I’ve spent a lot of time this summer barefoot. Trying to heal a nerve in my foot by staying out of shoes. Or traditional shoes, at least. It’s also part of the paleolithic movement. ‘Cause I’m an ape-man, baby : )
Last week I went to British Columbia to visit my cousins. We went on two really awesome hikes. Both were several hours long, and included lots of varying terrain. And I wore my Vibram Five-Fingers.
Can you get Vibrams wet?
Yes, but it’s best if you don’t. I have the Bikilas. They’re very thin, and if you step on anything remotely wet, it will get through. And if you’re hiking for a long time, your feet will be soggy and uncomfortable.
Do Vibrams damage your feet and legs?
Well, I don’t know much about physiology, so I’m not sure I could diagnose it well (it’s definitely possible I’m doing damage I’m completely unaware of; see this BYU Study on making the barefoot transition carefully). It’s important to transition from normal shoes to these—running only short distances until you build your atrophied muscles back up. I didn’t do this, and I was sore for 8 days the first time I ran in them. And sometimes I don’t run for a few weeks and when I go back I’m sore again for a day or so. But aside from muscle soreness, I’ve been fine. It’s saved me from a couple of ankle rolls (without the depth of a shoe’s sole beneath your feet, an ankle roll has no torque, so it saves you from lateral injuries). Also, my knees stopped getting sore while running too (this is because I’m once again using my body’s natural shock absorption system).
What terrain can you use Vibrams in?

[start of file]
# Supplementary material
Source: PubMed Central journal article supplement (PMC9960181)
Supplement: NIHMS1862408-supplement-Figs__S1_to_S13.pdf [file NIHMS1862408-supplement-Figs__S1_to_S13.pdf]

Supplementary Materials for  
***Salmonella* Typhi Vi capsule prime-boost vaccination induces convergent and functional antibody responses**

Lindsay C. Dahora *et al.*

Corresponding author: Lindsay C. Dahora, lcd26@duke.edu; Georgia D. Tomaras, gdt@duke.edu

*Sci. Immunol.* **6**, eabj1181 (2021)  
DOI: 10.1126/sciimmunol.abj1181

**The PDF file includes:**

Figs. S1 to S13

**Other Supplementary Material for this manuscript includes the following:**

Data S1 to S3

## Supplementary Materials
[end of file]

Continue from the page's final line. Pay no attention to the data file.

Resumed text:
Below I show all the terrain I crossed while I was in British Columbia last week. The large, sharp rocks were the worst. You have to go slowly. The snow is pretty cool, because you can quickly feel the change in temperature—the soles are so thin.
One cool thing about Vibrams is that they’re thin, so you can feel textures and temperatures well.
This photo on the right is next to a bear track.
It’s hard to tell in the photo, but the print showed clear claw marks.
This moss here was about 10 inches thick, and soft like a pillow—again, so cool to feel the texture.
Should I buy the Vibram Five-Finger shoes?
Here’s my summary-review: First, they’re a little pricey. I paid $100 for mine (the Bikilas). Second, they’re not great for lounging in—because you don’t wear socks, they tend to get sweaty and smelly. UPDATE: I bought toe socks, which work just fine even in these form-fitting shoes. Third, they’re very thin—not much more protection than going barefoot.
But I love them. They’re so light. And you feel free. In fact, I feel like I can run faster in them (even if it’s just psychological).
Also, traditional sports shoes (since the 1970s), have serious “arch support” and sole cushioning. The counter-theory is that these are like a crutch for the foot—and they actually weaken it. (After I ran barefoot for the first time, my leg and foot muscles were sore for a week—muscles I hadn’t been using before.)
The theory goes on to say that the foot is a natural shock absorber. And using it like it was designed—or evolved—will actually help your knees and back. I’ve experienced this too.
That’s my review. The choice is up to you.
(Just FYI, I got in to this after reading a book called Born to Run.)
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